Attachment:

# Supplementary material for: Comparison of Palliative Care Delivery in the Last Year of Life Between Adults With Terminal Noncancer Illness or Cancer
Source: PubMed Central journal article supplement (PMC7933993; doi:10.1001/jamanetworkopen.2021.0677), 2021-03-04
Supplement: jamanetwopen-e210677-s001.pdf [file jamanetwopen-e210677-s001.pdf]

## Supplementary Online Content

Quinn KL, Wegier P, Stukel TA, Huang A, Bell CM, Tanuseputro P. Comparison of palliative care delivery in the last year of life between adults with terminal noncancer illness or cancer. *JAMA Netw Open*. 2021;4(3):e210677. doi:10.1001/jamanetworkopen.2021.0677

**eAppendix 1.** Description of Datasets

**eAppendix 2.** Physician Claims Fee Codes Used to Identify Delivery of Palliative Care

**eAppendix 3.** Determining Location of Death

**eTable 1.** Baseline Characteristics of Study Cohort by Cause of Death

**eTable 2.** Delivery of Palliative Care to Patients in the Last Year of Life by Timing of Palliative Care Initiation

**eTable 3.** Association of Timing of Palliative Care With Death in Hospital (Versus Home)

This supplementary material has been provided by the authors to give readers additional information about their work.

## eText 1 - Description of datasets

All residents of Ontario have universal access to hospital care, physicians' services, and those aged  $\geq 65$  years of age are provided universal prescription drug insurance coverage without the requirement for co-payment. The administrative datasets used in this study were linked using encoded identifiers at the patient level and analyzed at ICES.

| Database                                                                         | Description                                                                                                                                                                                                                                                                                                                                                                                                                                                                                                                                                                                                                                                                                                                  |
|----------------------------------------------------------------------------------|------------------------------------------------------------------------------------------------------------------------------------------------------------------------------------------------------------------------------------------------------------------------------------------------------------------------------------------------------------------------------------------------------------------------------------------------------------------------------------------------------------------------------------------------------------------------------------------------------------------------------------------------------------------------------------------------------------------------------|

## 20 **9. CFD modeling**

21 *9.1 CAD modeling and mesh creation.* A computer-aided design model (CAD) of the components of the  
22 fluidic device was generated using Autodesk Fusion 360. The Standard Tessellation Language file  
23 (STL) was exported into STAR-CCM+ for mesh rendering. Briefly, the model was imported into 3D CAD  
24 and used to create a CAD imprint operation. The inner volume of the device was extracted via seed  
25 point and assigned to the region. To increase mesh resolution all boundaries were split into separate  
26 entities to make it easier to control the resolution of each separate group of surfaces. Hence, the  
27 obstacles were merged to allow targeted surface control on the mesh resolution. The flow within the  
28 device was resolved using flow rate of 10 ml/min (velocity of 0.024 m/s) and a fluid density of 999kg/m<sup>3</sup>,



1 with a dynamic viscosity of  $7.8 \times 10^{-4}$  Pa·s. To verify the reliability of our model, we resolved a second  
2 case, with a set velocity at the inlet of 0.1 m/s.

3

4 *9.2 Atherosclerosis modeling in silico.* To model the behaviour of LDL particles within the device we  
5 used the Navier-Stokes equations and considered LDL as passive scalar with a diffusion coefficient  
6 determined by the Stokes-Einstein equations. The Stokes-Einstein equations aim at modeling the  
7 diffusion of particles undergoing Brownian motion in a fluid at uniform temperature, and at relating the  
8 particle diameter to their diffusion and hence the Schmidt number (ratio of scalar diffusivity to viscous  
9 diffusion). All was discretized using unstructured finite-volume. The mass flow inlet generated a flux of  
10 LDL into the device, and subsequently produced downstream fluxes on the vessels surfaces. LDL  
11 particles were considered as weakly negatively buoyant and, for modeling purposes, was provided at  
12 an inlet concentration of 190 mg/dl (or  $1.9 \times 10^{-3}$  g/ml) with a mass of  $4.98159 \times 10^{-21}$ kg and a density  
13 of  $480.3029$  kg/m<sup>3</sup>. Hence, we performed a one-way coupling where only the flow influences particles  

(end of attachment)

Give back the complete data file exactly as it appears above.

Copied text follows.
# Supplementary material for: Comparison of Palliative Care Delivery in the Last Year of Life Between Adults With Terminal Noncancer Illness or Cancer
Source: PubMed Central journal article supplement (PMC7933993; doi:10.1001/jamanetworkopen.2021.0677), 2021-03-04
Supplement: jamanetwopen-e210677-s001.pdf [file jamanetwopen-e210677-s001.pdf]

## Supplementary Online Content

Quinn KL, Wegier P, Stukel TA, Huang A, Bell CM, Tanuseputro P. Comparison of palliative care delivery in the last year of life between adults with terminal noncancer illness or cancer. *JAMA Netw Open*. 2021;4(3):e210677. doi:10.1001/jamanetworkopen.2021.0677

**eAppendix 1.** Description of Datasets

**eAppendix 2.** Physician Claims Fee Codes Used to Identify Delivery of Palliative Care

**eAppendix 3.** Determining Location of Death

**eTable 1.** Baseline Characteristics of Study Cohort by Cause of Death

**eTable 2.** Delivery of Palliative Care to Patients in the Last Year of Life by Timing of Palliative Care Initiation

**eTable 3.** Association of Timing of Palliative Care With Death in Hospital (Versus Home)

This supplementary material has been provided by the authors to give readers additional information about their work.

## eText 1 - Description of datasets

All residents of Ontario have universal access to hospital care, physicians' services, and those aged  $\geq 65$  years of age are provided universal prescription drug insurance coverage without the requirement for co-payment. The administrative datasets used in this study were linked using encoded identifiers at the patient level and analyzed at ICES.

| Database                                                                         | Description                                                                                                                                                                                                                                                                                                                                                                                                                                                                                                                                                                                                                                                                                                                  |
|----------------------------------------------------------------------------------|------------------------------------------------------------------------------------------------------------------------------------------------------------------------------------------------------------------------------------------------------------------------------------------------------------------------------------------------------------------------------------------------------------------------------------------------------------------------------------------------------------------------------------------------------------------------------------------------------------------------------------------------------------------------------------------------------------------------------|

## 20 **9. CFD modeling**

21 *9.1 CAD modeling and mesh creation.* A computer-aided design model (CAD) of the components of the  
22 fluidic device was generated using Autodesk Fusion 360. The Standard Tessellation Language file  
23 (STL) was exported into STAR-CCM+ for mesh rendering. Briefly, the model was imported into 3D CAD  
24 and used to create a CAD imprint operation. The inner volume of the device was extracted via seed  
25 point and assigned to the region. To increase mesh resolution all boundaries were split into separate  
26 entities to make it easier to control the resolution of each separate group of surfaces. Hence, the  
27 obstacles were merged to allow targeted surface control on the mesh resolution. The flow within the  
28 device was resolved using flow rate of 10 ml/min (velocity of 0.024 m/s) and a fluid density of 999kg/m<sup>3</sup>,



1 with a dynamic viscosity of  $7.8 \times 10^{-4}$  Pa·s. To verify the reliability of our model, we resolved a second  
2 case, with a set velocity at the inlet of 0.1 m/s.

3

4 *9.2 Atherosclerosis modeling in silico.* To model the behaviour of LDL particles within the device we  
5 used the Navier-Stokes equations and considered LDL as passive scalar with a diffusion coefficient  
6 determined by the Stokes-Einstein equations. The Stokes-Einstein equations aim at modeling the  
7 diffusion of particles undergoing Brownian motion in a fluid at uniform temperature, and at relating the  
8 particle diameter to their diffusion and hence the Schmidt number (ratio of scalar diffusivity to viscous  
9 diffusion). All was discretized using unstructured finite-volume. The mass flow inlet generated a flux of  
10 LDL into the device, and subsequently produced downstream fluxes on the vessels surfaces. LDL  
11 particles were considered as weakly negatively buoyant and, for modeling purposes, was provided at  
12 an inlet concentration of 190 mg/dl (or  $1.9 \times 10^{-3}$  g/ml) with a mass of  $4.98159 \times 10^{-21}$ kg and a density  
13 of  $480.3029$  kg/m<sup>3</sup>. Hence, we performed a one-way coupling where only the flow influences particles  